"I'll eavesdrop!"
"No, that will not be necessary. You'll get to hear all the details later. My ears will act as yours."
"No, I still want to go with you."
"Why? You should not show such vulgar curiosity about other people's affairs. Do you know how Freud would explain this?"
"Stop! Don't mention that idiot's name."

The matter was settled. Both of us left that evening for Tuni-didi's house.


Bhuvan Bose and Tuni-didi were the exact opposite of each other. The husband was extremely lazy and lethargic. All he did was lounge in an easy-chair all day, dressed in a dressing gown, and smoke cigars. His wife, on the other hand, was quick, efficient, frighteningly energetic, used to handling every chore herself, ranging from cutting up a large fish to making railway reservations. She had very little time to spare for chatting with visitors. When we arrived, she greeted us briefly and promptly disappeared into the kitchen to make elaborate arrangements to feed her guests. Padma came and touched my feet.

She was a lovely young woman. To think that Keshto found her 'strong and durable'! What did he mean? Was he referring to a hammer, or a spade? If there was anyone totally immature and without any sense in Kochi Sansad, it was Keshto himself, no matter what lectures he had prepared on love. But why had this pretty, smart and intelligent woman agreed to take part in a scheme devised by an ass like Keshto? Women like to see men make fools of themselves. Was that Padma's only intention? It was so difficult to understand feminine psychology. I must read up more on the subject, I told myself.

The high-courtship began. Tuni-didi and my wife were both in the kitchen, quite far from the room we were in. Nevertheless, the sound of their loud laughter, accompanied by the aroma of fried cutlets, pierced the curtain and came wafting in. I mustered all my will power, kept a straight face and began the proceedings.

"In this case, we are not decided on who is the petitioner, who is the defendant, who the accuser, and who stands accused. But that will not affect the case or the judgement, for we do have two principal witnesses -- Mr Keshto and Miss Padma --"
"Brojen-da!" Keshto interrupted me, "Please do not turn this serious matter into a joke. Get to the point."
"Wait. You must take the oath, or we can't start at all. Mister Keshto, are you prepared to swear that you have never harboured any tender feelings towards this woman? If you have, this case will be dismissed at once."
"I swear I do not possess any feelings of love or tenderness towards Padma. I see her now in exactly the same way that I used to see her when she was five, and I was ten. The only difference is that I used to smack her in those days; now I don't."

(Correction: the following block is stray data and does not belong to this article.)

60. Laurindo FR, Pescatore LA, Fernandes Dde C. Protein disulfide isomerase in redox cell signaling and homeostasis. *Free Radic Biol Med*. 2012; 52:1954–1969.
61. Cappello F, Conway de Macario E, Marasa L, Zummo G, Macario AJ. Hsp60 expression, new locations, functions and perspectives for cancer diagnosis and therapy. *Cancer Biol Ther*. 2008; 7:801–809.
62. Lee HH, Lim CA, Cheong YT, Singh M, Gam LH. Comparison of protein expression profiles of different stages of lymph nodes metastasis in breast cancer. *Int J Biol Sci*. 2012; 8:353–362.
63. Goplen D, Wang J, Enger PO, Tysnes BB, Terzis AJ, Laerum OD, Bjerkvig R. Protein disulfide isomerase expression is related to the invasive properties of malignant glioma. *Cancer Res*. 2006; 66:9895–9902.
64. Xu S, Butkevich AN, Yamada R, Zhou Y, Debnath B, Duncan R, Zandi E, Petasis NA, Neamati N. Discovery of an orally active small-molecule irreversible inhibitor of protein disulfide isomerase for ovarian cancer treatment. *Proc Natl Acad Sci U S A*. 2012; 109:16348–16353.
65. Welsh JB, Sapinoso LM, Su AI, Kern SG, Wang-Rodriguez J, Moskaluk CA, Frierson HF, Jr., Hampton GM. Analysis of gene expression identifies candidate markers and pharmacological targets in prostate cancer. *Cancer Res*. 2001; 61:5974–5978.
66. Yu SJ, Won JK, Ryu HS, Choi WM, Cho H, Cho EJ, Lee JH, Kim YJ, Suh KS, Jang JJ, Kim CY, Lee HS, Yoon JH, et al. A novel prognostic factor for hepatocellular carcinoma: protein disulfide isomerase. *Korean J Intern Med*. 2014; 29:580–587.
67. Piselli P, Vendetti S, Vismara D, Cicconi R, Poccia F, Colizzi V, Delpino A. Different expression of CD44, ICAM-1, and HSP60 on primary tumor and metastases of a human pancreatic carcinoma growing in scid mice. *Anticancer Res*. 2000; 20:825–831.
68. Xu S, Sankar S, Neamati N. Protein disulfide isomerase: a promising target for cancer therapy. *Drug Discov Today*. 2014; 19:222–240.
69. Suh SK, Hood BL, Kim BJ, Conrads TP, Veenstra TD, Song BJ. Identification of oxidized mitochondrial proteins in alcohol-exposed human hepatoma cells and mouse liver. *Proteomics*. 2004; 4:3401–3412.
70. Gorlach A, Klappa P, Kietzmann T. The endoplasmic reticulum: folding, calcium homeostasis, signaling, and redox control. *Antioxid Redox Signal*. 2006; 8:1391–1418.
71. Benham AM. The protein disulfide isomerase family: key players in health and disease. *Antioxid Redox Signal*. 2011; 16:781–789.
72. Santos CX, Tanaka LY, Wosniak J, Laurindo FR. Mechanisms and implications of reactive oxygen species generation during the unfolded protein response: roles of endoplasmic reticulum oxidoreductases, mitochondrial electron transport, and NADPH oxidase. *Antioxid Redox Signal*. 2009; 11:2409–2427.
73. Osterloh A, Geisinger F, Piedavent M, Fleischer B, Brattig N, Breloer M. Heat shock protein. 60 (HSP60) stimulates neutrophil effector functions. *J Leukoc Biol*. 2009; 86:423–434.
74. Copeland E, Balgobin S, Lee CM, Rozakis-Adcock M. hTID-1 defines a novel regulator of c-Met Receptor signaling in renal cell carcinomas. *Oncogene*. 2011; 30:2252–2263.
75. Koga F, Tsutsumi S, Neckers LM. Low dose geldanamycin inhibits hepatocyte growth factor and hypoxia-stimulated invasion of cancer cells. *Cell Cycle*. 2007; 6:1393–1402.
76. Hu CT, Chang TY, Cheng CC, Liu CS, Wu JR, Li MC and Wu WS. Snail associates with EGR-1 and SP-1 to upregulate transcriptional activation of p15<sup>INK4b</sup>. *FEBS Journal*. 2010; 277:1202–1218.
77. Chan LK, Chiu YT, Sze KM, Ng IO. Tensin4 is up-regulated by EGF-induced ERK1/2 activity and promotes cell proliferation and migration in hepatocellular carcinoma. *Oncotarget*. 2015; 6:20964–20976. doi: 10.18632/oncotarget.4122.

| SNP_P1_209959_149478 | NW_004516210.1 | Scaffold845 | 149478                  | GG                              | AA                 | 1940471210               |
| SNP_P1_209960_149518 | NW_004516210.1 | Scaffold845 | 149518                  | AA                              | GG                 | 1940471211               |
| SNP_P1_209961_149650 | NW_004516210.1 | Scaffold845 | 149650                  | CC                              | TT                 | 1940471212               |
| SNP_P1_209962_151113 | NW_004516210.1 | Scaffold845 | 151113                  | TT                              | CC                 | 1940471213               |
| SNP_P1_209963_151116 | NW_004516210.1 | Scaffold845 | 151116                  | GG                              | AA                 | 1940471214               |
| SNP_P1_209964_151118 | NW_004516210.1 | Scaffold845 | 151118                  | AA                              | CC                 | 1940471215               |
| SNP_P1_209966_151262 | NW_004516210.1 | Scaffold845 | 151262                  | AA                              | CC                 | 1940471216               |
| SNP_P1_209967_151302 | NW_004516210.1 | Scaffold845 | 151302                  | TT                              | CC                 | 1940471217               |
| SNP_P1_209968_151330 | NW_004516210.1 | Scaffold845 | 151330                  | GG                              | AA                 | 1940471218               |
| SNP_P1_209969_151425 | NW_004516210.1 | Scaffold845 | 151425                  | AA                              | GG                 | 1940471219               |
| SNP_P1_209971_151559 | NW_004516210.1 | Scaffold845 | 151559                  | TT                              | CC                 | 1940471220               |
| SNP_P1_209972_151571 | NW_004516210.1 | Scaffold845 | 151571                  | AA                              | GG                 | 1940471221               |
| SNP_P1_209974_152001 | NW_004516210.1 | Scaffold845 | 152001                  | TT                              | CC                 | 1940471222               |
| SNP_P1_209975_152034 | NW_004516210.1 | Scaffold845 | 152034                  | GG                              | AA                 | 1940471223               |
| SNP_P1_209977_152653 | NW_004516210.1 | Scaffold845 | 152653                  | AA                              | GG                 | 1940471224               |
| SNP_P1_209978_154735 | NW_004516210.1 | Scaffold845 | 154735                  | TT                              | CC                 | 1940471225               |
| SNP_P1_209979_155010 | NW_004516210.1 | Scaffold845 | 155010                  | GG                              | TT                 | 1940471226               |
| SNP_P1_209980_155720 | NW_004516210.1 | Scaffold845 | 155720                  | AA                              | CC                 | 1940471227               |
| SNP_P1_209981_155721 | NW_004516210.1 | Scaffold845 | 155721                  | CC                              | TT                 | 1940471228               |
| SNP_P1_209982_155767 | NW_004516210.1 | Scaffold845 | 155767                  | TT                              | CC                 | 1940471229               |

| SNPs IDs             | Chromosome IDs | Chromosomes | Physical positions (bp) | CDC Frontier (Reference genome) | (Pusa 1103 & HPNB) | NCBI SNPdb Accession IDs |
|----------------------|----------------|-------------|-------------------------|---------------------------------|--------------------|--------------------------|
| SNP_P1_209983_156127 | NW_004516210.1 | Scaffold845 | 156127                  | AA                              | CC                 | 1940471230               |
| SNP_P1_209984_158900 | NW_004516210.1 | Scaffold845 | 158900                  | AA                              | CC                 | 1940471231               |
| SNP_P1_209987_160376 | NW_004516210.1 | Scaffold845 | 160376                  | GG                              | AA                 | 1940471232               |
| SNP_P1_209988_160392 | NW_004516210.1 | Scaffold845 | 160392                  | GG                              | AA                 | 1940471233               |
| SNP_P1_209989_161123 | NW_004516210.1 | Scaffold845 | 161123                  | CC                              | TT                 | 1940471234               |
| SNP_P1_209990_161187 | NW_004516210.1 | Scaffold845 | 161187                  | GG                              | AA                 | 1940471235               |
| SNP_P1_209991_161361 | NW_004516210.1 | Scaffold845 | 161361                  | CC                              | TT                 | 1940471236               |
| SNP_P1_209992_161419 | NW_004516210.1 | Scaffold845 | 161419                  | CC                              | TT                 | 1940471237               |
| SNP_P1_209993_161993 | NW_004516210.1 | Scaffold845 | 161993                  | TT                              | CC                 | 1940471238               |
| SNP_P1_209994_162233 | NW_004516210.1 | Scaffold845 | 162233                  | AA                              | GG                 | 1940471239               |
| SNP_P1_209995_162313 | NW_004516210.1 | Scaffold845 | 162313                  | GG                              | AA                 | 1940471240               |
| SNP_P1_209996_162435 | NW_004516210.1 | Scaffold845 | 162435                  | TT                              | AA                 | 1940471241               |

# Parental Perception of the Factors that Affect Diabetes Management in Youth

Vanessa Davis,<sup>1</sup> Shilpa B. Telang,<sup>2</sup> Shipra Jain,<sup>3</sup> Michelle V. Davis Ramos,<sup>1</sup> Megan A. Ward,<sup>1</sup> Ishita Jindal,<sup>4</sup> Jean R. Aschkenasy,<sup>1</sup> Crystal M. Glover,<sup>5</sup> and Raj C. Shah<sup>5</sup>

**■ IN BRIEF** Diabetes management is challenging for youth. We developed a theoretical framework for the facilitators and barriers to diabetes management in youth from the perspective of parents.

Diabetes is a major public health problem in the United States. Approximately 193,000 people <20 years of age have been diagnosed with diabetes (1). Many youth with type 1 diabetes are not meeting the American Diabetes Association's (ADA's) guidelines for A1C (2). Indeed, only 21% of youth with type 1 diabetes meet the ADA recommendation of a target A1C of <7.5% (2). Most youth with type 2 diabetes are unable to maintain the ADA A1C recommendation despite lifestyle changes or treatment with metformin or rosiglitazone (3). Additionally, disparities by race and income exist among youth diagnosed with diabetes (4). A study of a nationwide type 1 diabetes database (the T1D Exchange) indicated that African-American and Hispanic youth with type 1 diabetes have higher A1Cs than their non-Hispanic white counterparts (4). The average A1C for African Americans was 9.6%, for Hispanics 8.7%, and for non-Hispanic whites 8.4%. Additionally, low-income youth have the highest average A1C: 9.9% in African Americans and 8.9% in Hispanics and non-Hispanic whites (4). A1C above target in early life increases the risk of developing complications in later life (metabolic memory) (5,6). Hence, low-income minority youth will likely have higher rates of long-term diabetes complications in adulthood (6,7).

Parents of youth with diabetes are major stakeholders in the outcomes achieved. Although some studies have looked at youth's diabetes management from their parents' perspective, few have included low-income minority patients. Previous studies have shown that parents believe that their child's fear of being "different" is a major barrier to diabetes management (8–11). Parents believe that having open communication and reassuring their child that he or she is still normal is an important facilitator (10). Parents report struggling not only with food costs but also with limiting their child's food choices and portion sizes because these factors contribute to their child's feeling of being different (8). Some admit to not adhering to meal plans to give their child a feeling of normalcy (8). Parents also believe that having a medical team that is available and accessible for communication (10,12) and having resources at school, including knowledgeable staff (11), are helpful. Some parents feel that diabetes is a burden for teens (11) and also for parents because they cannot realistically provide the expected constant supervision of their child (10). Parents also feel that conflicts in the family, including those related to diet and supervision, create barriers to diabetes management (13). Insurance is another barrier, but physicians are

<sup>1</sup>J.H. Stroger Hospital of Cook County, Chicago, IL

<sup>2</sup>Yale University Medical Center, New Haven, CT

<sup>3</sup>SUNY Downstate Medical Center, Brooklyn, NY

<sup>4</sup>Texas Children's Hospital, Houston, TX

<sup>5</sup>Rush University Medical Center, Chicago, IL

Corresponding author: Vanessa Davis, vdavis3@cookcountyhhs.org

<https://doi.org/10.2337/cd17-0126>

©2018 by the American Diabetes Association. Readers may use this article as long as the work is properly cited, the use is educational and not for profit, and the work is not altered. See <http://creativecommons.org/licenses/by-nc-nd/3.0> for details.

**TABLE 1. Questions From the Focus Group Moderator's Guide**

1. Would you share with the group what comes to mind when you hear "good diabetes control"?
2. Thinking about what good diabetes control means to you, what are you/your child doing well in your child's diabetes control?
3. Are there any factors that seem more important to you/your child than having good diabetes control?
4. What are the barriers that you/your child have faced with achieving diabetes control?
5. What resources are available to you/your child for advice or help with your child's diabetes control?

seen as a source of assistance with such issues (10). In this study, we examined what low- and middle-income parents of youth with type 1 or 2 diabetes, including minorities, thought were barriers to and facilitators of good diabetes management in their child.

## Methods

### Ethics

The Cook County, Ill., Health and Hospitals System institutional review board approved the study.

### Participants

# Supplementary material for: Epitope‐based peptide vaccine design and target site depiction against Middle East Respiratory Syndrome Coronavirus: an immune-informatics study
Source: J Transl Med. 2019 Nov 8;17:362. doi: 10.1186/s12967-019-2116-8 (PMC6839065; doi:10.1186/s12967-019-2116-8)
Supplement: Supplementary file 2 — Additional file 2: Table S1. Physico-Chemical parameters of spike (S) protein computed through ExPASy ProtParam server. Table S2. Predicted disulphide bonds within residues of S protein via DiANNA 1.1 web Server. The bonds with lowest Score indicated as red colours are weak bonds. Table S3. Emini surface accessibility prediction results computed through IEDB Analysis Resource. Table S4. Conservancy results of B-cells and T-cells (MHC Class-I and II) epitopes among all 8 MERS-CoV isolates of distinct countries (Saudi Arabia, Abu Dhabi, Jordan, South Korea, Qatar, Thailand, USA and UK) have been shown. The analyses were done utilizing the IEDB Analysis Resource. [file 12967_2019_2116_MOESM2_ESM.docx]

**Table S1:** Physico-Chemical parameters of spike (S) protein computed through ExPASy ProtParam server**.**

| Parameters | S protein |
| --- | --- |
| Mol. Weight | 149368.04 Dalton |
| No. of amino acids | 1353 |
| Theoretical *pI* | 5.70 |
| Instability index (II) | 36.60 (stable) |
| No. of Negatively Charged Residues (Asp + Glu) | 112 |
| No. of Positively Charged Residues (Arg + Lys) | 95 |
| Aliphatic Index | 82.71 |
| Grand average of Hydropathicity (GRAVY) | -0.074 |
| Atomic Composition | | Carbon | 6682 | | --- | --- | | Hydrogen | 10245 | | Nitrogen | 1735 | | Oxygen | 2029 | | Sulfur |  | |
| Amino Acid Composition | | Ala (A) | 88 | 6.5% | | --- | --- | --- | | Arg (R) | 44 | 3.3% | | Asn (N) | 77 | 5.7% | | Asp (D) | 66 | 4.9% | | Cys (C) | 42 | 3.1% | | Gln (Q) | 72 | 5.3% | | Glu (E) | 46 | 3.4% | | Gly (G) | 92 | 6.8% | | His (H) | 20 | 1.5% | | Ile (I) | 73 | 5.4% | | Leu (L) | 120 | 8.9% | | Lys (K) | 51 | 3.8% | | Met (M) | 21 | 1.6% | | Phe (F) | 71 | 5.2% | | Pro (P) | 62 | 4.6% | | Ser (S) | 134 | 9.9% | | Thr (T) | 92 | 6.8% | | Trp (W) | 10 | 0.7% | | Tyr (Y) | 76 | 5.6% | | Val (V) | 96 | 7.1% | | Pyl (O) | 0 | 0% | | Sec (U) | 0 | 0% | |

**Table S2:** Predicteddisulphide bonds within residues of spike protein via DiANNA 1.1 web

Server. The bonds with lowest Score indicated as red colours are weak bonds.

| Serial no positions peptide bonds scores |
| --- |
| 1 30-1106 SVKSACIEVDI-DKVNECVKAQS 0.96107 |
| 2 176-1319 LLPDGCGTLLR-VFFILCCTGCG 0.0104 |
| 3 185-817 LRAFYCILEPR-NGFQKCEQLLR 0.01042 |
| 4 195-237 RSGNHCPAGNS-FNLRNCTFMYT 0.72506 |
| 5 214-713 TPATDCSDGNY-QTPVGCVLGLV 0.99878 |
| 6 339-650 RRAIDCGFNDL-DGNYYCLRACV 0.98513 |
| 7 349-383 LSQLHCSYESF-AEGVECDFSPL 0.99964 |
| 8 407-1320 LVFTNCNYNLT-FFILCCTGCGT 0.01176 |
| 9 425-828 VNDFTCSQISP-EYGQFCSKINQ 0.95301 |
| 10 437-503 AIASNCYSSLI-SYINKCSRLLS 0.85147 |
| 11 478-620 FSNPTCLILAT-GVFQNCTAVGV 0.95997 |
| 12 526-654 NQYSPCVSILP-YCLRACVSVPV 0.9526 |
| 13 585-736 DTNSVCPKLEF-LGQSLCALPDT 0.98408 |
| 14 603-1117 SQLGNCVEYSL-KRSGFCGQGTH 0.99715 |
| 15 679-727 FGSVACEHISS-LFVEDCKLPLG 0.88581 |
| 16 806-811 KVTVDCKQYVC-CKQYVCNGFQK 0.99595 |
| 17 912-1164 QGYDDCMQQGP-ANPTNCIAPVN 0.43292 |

"Miss Padma, I will not insult you, or your intelligence, by asking about your feelings towards Keshto. His appearance acts as an antidote for love. All right, Keshto, let's have that list. ... Oh my God! 93 items? Clothes-food-sleep-reading ... this will take at least a fortnight to finish. Look, let me ask you a handful of important questions today. If things look encouraging, from tomorrow we can start a systematic test. All right? OK, here goes. Food ... that's the most important issue, never mind what Freud says. Let me start with food. Keshto, do you like hot chillies?"
"No, I cannot eat hot foot at all."
"Padma, what say you?"
"I can't have a single meal without hot green chillies."
"Bad," I observed, "You start with a cross. A married couple cannot have two different kitchens. What we'll have to do is boil chopped chillies in water, try it on both and see how much heat is mutually acceptable. All right, next question: how much sugar do you take in your tea?"
"One spoonful," said Keshto.
"Seven," said Padma.
"Very bad. You get another cross."
"I could rise from one to three, no more," Keshto said firmly, "Padma, why don't you climb down a little from seven?"
"Hey, watch it!" I warned him, "You're not allowed to influence the witness. Only I can ask questions. Here's the third one: what kind of bed do you like? Hard or soft?"
"I like sleeping on a slightly hard mattress, say two inches thick. I'd find a softer mattress quite uncomfortable," Keshto replied.
"And I like my bed to be as soft as soft can be," Padma declared.
"Very, very bad. Look, here's another cross. OK, tell me this: Keshto, what do you think of Padma's looks?"
"They aren't bad."

Now I raised my voice, shouting loudly enough to frighten the witness. "That won't do, my boy. Why are you giving me such a vague reply? Look at her carefully, Keshto. Then tell me how you find her."